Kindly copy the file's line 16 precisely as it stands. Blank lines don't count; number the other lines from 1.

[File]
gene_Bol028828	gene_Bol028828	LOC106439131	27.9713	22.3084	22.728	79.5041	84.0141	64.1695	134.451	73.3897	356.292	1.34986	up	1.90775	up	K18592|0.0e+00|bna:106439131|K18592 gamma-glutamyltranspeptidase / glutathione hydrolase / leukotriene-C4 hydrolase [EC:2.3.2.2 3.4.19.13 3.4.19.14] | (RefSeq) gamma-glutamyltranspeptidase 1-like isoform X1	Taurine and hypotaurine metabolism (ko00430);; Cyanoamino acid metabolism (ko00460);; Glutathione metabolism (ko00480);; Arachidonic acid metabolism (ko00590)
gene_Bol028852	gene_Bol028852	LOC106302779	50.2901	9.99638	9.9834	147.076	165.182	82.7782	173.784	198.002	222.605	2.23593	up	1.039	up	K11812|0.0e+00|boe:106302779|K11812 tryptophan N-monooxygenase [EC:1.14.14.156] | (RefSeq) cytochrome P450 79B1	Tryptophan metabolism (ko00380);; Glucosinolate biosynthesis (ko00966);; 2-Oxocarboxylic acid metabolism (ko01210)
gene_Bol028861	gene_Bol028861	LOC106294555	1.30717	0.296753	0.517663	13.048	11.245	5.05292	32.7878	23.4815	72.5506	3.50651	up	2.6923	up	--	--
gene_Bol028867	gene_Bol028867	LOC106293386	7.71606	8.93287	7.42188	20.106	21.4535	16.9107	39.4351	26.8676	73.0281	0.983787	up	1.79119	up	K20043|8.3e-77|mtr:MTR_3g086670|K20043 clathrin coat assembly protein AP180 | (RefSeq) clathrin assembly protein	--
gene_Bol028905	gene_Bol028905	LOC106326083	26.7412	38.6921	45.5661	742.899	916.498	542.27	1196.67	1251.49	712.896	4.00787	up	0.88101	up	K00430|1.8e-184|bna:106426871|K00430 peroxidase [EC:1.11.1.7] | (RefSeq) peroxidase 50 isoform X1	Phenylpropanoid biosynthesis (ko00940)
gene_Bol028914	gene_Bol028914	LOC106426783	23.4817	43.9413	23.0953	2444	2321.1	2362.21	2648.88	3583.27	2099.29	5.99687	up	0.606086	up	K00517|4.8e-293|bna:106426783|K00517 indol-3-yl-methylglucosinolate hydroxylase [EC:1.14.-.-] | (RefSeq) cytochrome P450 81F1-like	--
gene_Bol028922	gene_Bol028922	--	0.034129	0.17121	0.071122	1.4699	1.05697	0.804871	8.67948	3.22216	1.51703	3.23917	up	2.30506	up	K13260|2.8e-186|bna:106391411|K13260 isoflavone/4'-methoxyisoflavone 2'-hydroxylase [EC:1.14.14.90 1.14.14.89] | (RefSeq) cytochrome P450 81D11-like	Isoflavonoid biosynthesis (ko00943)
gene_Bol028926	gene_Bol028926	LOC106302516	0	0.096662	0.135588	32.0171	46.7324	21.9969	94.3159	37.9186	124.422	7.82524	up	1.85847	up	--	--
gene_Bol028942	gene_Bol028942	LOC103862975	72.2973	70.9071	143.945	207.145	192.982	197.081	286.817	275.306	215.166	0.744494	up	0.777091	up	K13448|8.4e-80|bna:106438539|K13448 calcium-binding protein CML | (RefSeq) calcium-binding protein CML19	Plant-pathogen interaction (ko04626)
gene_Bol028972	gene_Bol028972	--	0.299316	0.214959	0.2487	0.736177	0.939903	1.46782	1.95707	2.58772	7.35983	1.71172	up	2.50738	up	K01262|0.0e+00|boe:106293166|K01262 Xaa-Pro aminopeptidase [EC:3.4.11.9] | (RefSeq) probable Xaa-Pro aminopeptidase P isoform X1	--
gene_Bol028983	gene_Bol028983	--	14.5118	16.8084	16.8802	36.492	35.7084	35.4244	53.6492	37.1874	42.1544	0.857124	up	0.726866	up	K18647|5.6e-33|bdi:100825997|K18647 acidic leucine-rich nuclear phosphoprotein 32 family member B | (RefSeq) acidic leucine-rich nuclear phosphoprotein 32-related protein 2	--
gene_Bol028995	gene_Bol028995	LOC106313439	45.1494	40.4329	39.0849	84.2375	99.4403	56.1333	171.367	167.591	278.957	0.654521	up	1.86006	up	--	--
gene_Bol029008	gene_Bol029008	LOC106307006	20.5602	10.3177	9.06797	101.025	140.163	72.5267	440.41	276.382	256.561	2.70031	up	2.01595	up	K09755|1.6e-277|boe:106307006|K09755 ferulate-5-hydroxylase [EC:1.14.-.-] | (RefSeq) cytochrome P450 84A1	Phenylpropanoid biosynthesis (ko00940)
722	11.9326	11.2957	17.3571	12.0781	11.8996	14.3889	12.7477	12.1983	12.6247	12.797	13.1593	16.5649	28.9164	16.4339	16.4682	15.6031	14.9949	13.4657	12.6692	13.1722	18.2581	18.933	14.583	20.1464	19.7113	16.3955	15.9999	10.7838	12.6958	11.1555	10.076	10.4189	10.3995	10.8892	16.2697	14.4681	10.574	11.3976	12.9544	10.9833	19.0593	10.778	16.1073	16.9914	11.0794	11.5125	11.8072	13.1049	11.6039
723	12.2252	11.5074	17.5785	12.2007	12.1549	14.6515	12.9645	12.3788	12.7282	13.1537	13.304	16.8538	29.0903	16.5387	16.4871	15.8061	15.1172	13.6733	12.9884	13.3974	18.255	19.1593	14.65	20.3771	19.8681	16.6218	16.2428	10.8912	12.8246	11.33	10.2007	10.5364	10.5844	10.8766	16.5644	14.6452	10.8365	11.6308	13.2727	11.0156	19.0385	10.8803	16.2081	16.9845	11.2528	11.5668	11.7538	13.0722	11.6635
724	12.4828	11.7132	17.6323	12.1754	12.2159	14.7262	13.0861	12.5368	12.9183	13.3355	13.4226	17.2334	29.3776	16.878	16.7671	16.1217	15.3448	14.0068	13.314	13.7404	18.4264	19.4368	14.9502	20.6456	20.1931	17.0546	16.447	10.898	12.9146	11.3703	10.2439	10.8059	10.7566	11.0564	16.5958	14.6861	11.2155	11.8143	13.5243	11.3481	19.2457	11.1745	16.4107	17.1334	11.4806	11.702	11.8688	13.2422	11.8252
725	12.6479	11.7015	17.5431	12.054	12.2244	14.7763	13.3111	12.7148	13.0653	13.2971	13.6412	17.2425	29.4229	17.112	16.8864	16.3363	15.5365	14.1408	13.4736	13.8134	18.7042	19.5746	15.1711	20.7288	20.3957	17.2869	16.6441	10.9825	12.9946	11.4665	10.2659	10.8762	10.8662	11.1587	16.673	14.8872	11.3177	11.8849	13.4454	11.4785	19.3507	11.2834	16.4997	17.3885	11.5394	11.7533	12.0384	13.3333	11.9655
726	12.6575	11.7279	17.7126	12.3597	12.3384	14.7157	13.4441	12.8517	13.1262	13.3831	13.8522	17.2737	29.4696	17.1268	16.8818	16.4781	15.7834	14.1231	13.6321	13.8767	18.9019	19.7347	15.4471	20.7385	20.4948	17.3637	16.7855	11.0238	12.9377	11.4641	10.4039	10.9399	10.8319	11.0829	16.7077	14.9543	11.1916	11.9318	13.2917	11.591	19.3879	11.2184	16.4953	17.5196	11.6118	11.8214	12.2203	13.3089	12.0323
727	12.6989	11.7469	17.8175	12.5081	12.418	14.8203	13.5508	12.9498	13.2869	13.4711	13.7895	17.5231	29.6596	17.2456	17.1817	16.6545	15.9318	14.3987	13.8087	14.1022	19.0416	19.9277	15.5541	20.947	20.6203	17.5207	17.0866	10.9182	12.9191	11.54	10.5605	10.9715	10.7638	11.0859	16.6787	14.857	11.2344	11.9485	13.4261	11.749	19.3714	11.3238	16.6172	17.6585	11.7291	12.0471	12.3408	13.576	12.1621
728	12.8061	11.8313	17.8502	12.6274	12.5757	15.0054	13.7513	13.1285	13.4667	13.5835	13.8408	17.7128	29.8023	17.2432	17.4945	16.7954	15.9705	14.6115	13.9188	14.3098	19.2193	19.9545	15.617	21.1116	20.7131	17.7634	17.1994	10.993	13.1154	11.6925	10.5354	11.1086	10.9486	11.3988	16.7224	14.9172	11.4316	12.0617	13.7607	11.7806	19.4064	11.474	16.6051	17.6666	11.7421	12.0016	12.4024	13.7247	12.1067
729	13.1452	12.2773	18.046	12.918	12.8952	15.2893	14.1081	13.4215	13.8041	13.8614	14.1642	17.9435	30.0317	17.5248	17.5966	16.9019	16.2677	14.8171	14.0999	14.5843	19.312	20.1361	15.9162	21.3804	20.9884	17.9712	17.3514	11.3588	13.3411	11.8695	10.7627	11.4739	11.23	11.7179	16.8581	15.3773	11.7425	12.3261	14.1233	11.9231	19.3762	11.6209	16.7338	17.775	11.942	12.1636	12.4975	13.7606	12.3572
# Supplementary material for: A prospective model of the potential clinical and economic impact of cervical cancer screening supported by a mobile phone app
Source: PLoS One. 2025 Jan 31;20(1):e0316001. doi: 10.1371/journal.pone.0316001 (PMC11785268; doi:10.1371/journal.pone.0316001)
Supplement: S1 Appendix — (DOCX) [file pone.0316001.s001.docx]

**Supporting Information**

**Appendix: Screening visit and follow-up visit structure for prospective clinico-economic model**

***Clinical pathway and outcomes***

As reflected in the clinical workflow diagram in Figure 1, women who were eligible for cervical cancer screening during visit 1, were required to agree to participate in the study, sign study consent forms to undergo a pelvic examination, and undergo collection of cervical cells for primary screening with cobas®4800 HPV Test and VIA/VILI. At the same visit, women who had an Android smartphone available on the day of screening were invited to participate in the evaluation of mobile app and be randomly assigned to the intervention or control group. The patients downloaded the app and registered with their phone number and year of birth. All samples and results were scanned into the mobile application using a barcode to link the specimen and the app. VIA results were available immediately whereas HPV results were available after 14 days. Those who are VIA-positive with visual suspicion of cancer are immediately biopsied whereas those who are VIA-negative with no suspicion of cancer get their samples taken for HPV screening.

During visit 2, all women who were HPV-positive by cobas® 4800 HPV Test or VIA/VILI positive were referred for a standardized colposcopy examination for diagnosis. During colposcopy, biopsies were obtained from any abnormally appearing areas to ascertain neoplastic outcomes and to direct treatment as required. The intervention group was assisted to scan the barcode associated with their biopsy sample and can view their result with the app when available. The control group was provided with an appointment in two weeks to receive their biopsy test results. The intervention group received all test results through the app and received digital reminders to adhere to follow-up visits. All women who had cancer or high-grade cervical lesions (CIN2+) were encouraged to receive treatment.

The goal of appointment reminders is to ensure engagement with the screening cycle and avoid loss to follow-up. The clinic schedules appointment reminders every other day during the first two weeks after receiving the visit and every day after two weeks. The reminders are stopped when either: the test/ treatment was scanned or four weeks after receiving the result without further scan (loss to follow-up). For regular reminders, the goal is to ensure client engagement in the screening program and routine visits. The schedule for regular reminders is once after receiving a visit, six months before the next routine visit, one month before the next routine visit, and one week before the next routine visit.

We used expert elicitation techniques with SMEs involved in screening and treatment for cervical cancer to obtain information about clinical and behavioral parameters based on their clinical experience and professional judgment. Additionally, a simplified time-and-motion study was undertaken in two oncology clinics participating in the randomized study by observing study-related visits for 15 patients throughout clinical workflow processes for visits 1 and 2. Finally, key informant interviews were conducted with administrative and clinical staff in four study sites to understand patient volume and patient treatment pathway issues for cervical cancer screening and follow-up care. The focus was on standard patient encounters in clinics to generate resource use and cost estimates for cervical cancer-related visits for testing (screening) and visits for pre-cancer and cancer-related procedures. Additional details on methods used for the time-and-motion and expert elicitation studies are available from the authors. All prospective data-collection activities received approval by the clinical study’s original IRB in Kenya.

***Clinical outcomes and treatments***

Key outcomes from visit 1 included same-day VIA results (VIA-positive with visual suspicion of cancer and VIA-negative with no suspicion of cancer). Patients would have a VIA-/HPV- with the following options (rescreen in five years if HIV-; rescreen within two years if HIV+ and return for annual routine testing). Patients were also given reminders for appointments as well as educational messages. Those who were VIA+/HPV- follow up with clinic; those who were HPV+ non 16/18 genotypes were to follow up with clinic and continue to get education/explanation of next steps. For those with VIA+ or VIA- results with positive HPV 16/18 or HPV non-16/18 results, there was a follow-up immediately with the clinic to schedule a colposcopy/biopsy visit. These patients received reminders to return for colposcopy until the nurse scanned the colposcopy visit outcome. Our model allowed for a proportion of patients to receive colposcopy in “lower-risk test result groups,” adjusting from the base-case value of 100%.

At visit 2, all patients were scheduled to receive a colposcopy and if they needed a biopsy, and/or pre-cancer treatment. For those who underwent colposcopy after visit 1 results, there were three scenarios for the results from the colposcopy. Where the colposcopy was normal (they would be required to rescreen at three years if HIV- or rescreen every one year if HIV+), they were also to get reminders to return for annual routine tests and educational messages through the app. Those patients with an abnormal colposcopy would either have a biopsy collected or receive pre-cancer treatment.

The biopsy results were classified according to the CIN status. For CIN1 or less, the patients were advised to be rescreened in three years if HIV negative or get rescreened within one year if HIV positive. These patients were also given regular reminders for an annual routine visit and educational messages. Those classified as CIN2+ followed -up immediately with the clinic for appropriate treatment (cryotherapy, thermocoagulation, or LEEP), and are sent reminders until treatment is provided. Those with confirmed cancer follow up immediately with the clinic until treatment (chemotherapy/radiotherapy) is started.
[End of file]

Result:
724	12.4828	11.7132	17.6323	12.1754	12.2159	14.7262	13.0861	12.5368	12.9183	13.3355	13.4226	17.2334	29.3776	16.878	16.7671	16.1217	15.3448	14.0068	13.314	13.7404	18.4264	19.4368	14.9502	20.6456	20.1931	17.0546	16.447	10.898	12.9146	11.3703	10.2439	10.8059	10.7566	11.0564	16.5958	14.6861	11.2155	11.8143	13.5243	11.3481	19.2457	11.1745	16.4107	17.1334	11.4806	11.702	11.8688	13.2422	11.8252